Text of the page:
After the 2007 dinner, New York Times columnist Frank Rich implied that the Times will no longer participate in the dinners.[7] Rich said that the event is “a crystallization of the press’s failures in the post-9/11 era” because it “illustrates how easily a propaganda-driven White House can enlist the Washington news media in its shows.”[7]

In recent years, the dinners have drawn increasing public attention, and the guest list grows “more Hollywood”.[3] The attention given to the guest list and entertainers often overshadows the intended purpose of the dinner, which is to “acknowledge award-winners, present scholarships, and give the press and the president an evening of friendly appreciation.”[3] This has led to an atmosphere of coming to the event only to “see and be seen.”[3] This usually takes place at pre-dinner receptions and post-dinner parties hosted by various media organizations, which are often a bigger draw and can be more exclusive than the dinners themselves.[8][9][10]


Year Performer(s) Notes
1944 Bob Hope, Fritz Kreisler, Gracie Fields, tenor Pedro Bargas, Fred Waring, Elsie Janis, Ed Gardiner, Nan Merriman, Robert Merrill, and NBC musical director Frank Black with a 40-piece orchestra.[11]
1945 Frank Sinatra, Danny Thomas, Jimmy Durante,Fanny Brice, Danny Kaye, and Garry Mooreshared hosting duties.[12]
1953 Bob Hope[13]
1954 Milton Berle, The Four Step Brothers,[14]Jaye P. Morgan, The McGuire Sisters, and Irving Berlin performed. Berlin performed an original song, “I Still Like Ike,” to honor President Eisenhower.[5]
1956 James Cagney emceed; Nat King Cole, Patti Page, and Dizzy Gillespie performed.[15]
1961 The Peiro Brothers (jugglers), Julie London,Dorothy Provine, violinist Mischa Elman, opera singer Jerome Hines[16]
1962 Peter Sellers, Gwen Verdon, Richard Goodman, and Benny Goodman shared hosting duties.[12]
1963 Merv Griffin emceed; Barbra Streisandperformed.[17]
1964 Duke Ellington, the Smothers Brothers[5]
1968 Richard Pryor[12]
1969 The DisneylandGolden Horseshoe Revue[18]
1975 Danny Thomas[5]
1976 Bob Hope emceed and Chevy Chaseperformed.[19] When President Ford rose to speak, he pretended to fumble, and began his speech with “Good evening. I’m Gerald Ford and you’re not”—a reference to Chase’s catchphrase from Saturday Night Live‘sWeekend Update.[19]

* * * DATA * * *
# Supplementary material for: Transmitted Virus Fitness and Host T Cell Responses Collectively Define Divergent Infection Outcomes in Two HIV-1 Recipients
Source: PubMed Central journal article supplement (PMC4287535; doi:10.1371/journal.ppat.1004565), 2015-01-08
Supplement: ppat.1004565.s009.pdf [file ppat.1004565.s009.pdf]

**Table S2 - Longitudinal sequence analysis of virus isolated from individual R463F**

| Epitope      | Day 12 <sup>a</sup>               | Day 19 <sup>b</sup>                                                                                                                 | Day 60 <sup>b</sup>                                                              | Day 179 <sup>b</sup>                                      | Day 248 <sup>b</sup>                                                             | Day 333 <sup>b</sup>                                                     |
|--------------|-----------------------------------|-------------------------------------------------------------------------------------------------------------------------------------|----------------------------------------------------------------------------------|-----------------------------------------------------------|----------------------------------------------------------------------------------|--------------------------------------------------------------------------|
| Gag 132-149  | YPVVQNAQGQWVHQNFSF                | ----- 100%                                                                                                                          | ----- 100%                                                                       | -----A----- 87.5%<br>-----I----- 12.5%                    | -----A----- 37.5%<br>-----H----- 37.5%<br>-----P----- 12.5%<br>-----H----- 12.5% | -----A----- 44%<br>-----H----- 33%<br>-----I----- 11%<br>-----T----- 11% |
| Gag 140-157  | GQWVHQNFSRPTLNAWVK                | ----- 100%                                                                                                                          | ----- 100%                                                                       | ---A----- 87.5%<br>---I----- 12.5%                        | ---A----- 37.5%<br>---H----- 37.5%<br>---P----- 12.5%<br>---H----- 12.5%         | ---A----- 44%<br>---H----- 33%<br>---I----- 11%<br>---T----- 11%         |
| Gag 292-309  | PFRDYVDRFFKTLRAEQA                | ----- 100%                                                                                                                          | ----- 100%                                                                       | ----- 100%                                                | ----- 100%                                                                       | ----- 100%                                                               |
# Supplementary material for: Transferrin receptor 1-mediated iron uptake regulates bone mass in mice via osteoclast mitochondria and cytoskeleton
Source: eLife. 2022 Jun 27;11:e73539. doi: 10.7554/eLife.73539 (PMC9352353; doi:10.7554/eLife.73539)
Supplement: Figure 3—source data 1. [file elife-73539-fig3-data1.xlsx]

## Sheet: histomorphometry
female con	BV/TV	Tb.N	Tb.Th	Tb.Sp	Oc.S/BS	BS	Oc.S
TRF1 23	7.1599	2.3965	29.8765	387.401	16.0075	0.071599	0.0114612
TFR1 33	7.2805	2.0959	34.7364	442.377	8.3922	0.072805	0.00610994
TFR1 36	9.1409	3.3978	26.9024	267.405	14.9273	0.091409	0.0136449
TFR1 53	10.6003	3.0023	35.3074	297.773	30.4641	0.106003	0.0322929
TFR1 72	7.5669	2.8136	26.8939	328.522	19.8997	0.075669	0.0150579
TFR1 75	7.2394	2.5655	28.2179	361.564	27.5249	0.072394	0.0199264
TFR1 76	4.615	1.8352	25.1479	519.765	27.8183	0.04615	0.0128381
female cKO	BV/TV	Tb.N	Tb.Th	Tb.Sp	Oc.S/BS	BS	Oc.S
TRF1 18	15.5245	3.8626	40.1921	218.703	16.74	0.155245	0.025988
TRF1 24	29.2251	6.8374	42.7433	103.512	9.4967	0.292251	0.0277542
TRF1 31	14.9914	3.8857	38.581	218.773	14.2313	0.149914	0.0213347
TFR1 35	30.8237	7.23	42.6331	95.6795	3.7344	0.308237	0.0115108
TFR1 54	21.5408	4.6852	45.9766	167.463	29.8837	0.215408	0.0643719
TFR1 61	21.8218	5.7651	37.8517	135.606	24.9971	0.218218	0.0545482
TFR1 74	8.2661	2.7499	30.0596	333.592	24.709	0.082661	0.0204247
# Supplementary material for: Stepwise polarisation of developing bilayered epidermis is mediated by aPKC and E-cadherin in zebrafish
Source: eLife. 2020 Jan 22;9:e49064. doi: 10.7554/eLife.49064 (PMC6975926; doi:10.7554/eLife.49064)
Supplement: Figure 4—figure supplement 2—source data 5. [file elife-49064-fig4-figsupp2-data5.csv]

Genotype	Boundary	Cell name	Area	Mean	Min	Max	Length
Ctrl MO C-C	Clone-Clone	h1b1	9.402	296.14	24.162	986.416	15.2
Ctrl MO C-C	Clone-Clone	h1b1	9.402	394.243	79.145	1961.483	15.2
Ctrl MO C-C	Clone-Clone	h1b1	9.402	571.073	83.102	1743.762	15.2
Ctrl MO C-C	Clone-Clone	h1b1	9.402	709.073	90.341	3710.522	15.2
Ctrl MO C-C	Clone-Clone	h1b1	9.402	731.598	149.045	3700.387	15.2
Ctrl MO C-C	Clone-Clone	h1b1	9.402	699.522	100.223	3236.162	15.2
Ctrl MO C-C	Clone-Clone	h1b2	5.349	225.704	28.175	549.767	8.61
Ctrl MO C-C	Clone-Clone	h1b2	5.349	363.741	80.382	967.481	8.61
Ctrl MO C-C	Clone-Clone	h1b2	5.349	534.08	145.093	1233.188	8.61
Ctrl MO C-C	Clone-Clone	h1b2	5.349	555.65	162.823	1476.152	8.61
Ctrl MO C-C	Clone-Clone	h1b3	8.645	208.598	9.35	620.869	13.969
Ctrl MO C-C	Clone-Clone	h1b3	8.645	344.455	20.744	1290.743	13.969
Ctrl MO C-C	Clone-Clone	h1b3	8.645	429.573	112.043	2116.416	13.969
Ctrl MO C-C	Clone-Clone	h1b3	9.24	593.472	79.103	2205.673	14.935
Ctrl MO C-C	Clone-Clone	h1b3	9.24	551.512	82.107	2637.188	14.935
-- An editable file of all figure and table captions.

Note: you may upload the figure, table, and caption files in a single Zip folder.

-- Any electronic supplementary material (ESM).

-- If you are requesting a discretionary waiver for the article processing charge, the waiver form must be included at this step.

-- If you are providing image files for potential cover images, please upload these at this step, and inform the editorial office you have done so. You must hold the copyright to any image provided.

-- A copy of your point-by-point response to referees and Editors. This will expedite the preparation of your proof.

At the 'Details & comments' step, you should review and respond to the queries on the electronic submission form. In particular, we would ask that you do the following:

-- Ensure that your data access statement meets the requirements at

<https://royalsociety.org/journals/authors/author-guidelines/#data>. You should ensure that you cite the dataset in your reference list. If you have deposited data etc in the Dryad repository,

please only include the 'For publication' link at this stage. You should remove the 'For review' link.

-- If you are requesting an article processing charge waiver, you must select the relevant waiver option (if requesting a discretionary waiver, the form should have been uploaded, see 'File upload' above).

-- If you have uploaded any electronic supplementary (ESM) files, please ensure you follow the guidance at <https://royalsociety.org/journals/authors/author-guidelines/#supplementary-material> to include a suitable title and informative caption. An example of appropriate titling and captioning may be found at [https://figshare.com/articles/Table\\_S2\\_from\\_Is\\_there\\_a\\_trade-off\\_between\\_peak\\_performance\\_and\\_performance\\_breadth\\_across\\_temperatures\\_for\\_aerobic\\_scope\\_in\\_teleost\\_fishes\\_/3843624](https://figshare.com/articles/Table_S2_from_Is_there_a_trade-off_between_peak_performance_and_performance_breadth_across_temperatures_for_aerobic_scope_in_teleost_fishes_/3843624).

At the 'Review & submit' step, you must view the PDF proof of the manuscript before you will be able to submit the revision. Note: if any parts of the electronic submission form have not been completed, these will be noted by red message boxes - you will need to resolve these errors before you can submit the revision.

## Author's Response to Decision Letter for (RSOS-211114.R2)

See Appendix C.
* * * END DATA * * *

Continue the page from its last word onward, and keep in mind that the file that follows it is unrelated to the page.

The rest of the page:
1983 Mark Russell[20]
1984 Rich Little[21]
1987 Jay Leno[22]
1988 Yakov Smirnoff[23]
1989 Jim Morris (Bush impersonator)[24] Garry Shandling made a surprise appearance.[25]
1990 Jim Morris[26]
1991 Sinbad[27]
1992 Paula Poundstone Poundstone was the first solo female host.[28]
1993 Elayne Boosler[29] This was the first year that the dinner was televised on C-SPAN.
1994 Al Franken
1995 Conan O’Brien, Bill Maher
1996 Al Franken
1997 Jon Stewart[30] Norm MacDonald delivered a “Weekend Update” parody.
1998 Ray Romano
1999 Aretha Franklin[12] NBC’s Brian Williams performed a skit.
2000 Jay Leno Outgoing President Bill Clinton also mocked himself in the short film President Clinton: The Final Days, which depicted him as a lonely man closing down a nearly deserted White House, riding a bicycle, and learning about the Internet with the help of actor Mike Maronna.
2001 Darrell Hammond
2002 Drew Carey
2003 Ray Charles President George W. Bush decided to eschew a comedian that year, given the recent invasion of Iraq.[31]
2004 Jay Leno
2005 Cedric the Entertainer First Lady Laura Bush also performed some jokes.
2006 Stephen Colbert

Colbert performed his television satire of a right-wing cable television pundit.[32] Several of Bush’s aides and supporters walked out during Colbert’s speech, and one former aide said that the President had “that look that he’s ready to blow.”[33]Steve Bridges also performed a Bush impersonation.[34] See also: Stephen Colbert at the 2006 White House Correspondents’ Association Dinner.

2007 Rich Little David Letterman appeared by video with a Top 10 list of “favorite George W. Bush moments.”[35]
2008 Craig Ferguson Like his Late Late Show monologues, Ferguson appeared to go off script and started improvising new jokes. It was noted that President Bush had difficulty understanding Ferguson’s Scottish accent.[36]
2009 Wanda Sykes
2010 Jay Leno Leno hosted for the fourth time, more than any other individual in the dinner’s history.[37] Leno had been chosen several weeks before his controversial Tonight Show conflict,[38] and his use of recycled jokes was noted by critics.[39]
2011 Seth Meyers[40][41] Both the president and then-Secretary of DefenseRobert Gates were seen laughing at Meyers’ jokes about the government’s apparent inability to track down Osama Bin Laden, even though the president was a day away from overseeing the operation to assassinate him.